This is odd as the EFL teachers who use story-telling most are almost certainly the folk teaching kids between 6 and 11 years old. I guess all primary teachers either tell or read stories to their classes.
If you teach small kids then the OUP books by Andrew Wright could really delight you:
Story-telling with Children and Creating Stories with Children
Forgive me for not posting yesterday...I was doing a TT workshop in Cologne Comprehesive School, in Germany, where one in five students have learning handicaps. Impressive place, where they are implementing the principles of COOPERATIVE LEARNING, transposed from the States.
In this,my second-last posting, I want to offer you 5 neat and useful teaching story-telling ideas:
Under STORY-TELLING I also include drawing stories from the students. One thing that human beings of all ages bubble with are stories, anecdotes, snatches of narrative.
You can use this technique at any level for false beginner to advanced. Group your students in 4's and tell them they have just ten minutes to create story. They are only allowed to use seven words but they may use these words over and over again and in different combinations. Also tell them that they need to be ready to recite/act out their story effectively to the whole class. if they are baffled you might want to give them an example:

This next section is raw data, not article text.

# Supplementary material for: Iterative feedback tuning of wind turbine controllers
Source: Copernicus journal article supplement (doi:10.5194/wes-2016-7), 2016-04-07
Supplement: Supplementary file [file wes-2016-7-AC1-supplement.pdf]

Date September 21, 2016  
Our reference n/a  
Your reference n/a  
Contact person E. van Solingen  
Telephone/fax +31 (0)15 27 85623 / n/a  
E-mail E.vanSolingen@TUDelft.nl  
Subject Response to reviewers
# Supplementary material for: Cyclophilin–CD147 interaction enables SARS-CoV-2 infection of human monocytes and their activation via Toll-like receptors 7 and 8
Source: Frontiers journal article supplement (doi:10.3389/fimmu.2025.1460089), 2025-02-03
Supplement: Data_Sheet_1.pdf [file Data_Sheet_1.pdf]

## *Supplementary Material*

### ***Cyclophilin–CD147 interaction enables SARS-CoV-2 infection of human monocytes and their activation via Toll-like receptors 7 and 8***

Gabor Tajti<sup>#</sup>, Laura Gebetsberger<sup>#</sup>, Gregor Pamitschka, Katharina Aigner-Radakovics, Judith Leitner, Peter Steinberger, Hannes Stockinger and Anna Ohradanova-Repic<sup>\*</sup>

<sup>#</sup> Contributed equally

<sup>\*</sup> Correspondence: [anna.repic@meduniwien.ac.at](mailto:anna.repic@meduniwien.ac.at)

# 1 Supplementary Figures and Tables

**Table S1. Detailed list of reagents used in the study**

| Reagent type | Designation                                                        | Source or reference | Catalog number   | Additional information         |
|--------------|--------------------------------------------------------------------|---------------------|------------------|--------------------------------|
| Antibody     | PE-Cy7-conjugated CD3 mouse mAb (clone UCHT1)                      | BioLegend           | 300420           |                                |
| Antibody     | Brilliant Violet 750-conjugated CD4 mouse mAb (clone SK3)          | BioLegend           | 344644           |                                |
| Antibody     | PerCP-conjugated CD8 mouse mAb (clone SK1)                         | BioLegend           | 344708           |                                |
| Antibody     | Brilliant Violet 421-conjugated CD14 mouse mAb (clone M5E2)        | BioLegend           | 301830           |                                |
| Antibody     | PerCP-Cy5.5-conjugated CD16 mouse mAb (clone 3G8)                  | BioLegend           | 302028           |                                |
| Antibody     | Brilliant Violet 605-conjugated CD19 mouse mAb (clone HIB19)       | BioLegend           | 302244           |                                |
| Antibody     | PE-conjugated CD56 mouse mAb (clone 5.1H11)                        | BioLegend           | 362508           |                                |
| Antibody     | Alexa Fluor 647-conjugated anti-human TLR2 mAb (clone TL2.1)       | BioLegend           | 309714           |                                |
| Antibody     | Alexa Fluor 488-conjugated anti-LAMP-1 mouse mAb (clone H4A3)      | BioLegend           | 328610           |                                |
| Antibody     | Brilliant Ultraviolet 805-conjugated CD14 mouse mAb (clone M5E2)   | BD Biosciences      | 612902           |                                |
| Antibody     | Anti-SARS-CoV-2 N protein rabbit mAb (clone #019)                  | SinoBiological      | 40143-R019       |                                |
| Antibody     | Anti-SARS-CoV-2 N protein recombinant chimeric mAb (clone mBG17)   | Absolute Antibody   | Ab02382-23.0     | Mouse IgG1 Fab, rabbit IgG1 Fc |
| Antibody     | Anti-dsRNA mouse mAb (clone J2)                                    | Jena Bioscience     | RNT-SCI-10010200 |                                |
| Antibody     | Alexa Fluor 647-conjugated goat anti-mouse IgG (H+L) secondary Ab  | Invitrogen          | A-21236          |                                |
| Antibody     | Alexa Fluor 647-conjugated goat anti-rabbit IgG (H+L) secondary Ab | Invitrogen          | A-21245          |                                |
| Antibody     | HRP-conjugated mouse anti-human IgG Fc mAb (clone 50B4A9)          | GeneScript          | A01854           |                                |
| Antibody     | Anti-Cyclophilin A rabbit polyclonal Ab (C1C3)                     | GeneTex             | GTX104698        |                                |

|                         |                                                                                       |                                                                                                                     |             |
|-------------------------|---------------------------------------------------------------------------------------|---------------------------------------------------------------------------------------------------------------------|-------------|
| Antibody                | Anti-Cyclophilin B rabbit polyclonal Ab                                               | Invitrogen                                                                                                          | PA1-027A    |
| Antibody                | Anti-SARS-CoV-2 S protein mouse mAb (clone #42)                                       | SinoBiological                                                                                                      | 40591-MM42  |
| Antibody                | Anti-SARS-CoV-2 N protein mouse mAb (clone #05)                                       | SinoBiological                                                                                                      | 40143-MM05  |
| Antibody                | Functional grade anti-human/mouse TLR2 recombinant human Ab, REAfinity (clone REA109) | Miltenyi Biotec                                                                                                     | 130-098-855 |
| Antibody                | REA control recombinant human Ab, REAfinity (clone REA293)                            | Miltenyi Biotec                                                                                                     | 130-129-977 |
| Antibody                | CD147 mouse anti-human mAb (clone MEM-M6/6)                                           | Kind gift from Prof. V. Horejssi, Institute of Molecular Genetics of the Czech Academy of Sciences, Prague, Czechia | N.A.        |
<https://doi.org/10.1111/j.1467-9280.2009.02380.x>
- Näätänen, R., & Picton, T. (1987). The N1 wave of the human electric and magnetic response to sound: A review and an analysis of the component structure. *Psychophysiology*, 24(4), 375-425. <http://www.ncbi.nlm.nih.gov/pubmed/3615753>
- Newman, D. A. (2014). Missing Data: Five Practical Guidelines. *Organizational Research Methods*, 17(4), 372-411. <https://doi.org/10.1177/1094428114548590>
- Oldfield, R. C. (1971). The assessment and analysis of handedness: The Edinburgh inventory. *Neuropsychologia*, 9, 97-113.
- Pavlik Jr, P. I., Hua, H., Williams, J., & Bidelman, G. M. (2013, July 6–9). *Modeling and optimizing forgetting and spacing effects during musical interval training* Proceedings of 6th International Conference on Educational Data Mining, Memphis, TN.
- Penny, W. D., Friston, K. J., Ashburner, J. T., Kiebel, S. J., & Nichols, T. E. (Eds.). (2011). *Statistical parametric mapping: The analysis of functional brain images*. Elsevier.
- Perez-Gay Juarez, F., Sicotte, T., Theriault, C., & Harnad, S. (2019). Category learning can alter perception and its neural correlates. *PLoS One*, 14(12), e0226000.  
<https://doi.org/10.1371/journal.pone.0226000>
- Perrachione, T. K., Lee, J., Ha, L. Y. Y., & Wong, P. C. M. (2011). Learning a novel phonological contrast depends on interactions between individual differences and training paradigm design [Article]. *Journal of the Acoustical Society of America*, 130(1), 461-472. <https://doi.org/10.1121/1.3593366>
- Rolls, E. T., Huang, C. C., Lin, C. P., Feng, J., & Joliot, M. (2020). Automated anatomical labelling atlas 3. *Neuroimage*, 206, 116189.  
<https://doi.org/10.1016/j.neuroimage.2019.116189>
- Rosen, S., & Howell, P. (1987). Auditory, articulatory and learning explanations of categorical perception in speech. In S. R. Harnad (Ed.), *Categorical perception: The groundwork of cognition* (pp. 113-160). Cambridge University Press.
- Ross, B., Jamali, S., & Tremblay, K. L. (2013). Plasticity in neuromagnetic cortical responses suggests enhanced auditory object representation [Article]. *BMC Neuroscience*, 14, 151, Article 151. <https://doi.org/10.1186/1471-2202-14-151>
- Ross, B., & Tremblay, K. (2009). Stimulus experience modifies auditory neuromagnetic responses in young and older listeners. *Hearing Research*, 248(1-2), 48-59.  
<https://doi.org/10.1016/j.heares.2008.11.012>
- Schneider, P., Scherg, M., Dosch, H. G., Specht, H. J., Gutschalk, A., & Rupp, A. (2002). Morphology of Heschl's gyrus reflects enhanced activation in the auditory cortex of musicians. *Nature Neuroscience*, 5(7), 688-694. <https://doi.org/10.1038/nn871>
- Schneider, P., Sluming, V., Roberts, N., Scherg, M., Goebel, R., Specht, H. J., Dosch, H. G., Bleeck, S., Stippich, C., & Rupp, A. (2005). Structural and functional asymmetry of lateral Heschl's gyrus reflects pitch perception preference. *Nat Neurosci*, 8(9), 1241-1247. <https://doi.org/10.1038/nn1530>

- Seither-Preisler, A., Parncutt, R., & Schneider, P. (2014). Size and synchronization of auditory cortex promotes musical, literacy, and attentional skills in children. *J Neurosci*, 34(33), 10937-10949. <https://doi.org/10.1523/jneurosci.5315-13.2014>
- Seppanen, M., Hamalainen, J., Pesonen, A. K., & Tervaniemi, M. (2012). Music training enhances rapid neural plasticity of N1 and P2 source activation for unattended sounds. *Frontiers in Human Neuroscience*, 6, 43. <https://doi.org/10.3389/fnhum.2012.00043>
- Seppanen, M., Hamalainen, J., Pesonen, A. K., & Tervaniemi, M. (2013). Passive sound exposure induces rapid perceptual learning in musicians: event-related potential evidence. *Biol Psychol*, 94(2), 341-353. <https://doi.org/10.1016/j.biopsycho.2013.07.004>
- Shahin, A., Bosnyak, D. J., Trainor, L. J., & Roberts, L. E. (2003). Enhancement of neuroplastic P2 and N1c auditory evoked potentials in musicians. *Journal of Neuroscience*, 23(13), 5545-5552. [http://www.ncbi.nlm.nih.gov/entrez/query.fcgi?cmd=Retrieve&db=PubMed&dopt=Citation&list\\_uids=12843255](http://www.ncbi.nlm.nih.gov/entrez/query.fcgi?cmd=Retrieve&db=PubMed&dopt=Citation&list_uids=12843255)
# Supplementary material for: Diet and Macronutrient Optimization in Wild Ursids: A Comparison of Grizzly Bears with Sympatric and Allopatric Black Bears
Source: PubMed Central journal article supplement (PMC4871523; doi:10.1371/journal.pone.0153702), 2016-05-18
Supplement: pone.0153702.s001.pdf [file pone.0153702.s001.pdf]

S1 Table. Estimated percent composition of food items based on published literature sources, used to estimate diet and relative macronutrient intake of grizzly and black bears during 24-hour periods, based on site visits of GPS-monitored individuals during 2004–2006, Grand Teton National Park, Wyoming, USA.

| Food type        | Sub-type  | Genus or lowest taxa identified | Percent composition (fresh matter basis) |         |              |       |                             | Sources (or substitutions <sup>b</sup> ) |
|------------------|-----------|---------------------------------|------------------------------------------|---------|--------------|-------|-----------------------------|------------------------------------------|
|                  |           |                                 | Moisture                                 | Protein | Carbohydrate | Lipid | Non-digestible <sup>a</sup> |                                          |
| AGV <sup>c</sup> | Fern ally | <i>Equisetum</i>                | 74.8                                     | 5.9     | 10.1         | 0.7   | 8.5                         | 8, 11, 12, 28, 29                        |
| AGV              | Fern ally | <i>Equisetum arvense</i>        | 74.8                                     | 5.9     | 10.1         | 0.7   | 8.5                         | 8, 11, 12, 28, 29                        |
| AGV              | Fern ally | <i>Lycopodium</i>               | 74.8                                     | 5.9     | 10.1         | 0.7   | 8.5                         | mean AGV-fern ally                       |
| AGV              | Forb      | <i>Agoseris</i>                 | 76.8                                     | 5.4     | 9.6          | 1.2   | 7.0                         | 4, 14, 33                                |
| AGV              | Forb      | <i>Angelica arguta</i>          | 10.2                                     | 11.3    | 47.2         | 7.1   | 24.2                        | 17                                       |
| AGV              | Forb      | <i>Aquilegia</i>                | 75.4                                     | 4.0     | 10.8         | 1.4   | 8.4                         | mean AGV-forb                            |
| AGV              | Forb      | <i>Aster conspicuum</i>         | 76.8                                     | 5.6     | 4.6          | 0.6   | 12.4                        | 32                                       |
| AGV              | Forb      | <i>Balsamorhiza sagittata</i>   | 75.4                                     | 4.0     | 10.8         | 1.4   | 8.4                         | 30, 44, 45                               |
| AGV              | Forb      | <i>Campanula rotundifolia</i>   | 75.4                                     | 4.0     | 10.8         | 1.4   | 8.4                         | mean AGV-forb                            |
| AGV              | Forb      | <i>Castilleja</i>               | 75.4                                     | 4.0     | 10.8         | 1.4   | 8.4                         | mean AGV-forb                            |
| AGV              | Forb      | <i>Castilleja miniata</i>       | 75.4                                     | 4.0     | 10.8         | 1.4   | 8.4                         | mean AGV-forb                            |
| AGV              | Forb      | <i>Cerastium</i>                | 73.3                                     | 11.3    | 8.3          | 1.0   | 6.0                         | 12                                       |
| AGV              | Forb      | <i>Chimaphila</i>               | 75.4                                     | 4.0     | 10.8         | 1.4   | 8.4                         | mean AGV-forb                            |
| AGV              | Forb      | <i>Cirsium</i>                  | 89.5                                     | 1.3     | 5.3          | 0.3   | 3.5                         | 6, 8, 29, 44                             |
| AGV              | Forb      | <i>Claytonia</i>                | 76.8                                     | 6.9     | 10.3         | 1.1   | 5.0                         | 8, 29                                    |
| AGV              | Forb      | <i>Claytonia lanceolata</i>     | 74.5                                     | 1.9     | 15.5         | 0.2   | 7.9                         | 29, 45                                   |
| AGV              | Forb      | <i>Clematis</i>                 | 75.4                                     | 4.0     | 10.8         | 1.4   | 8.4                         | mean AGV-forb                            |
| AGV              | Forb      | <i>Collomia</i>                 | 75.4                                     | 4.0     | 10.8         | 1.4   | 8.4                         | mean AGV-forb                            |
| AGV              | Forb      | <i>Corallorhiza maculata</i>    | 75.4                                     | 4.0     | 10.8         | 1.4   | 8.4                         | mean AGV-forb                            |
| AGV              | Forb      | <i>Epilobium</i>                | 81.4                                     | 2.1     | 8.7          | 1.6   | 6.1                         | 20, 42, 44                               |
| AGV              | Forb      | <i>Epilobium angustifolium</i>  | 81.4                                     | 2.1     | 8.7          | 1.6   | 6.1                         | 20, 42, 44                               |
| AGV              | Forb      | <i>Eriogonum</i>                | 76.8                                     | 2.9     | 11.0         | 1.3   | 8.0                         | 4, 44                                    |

love....love .........love......love, sweet love, sweet sweet love
When I am going to tell a new story I need to "try it on for size". To do this I shut my eyes and mumble the story to myself. This could be in the bath, it could be while going for a walk, it could be in any situation where I feel in good contact with myself. The first time I mumble the focus is on getting the plot right and not leaving vital bits out. The second mumbling brings descriptive and linguistic enrichment. The third time I mumble I concentrate on voioce, pauses and timings.
Here is neat technique to use with elementary to intermediate students:
I would suggest that deep language learning is bound to happen in the students' minds if the telling of a story is communcatively powerful.
The way I judge the success or otherwise of a stroy-telling lesson is the richness of the elaboration and transformation that takes places within the students.
Here is a classical story-telling technique:
Prepare a story and one that would not normally take more then 3-4 minutes to tell.
Explain to the students that you are going to tell them a story and that their job is to stop you, by asking a million questions about the story! You must answer all the questions however quickly and rudely. Your task is to try and get to the end of your telling!
Voice is a central in all face-to-face teaching
Voice awareness comes into few initial teacher training programmes.
Odd, very odd.......the EFL tradition we take for granted, yes, it is decidedly odd.
If you have a story that you reckon has a strong visual content try and tell it this way:
Go to the back of the class so you are behind the students.
Spring-like sunshine here in Kent, South East England, with the birds singing....am I in the right hemisphere? (This opening may feel meaningless if you live in the Tropics)
I would answer the question in the title with a definitive YES and here is an exercise that focuses the students' minds on speaker intention.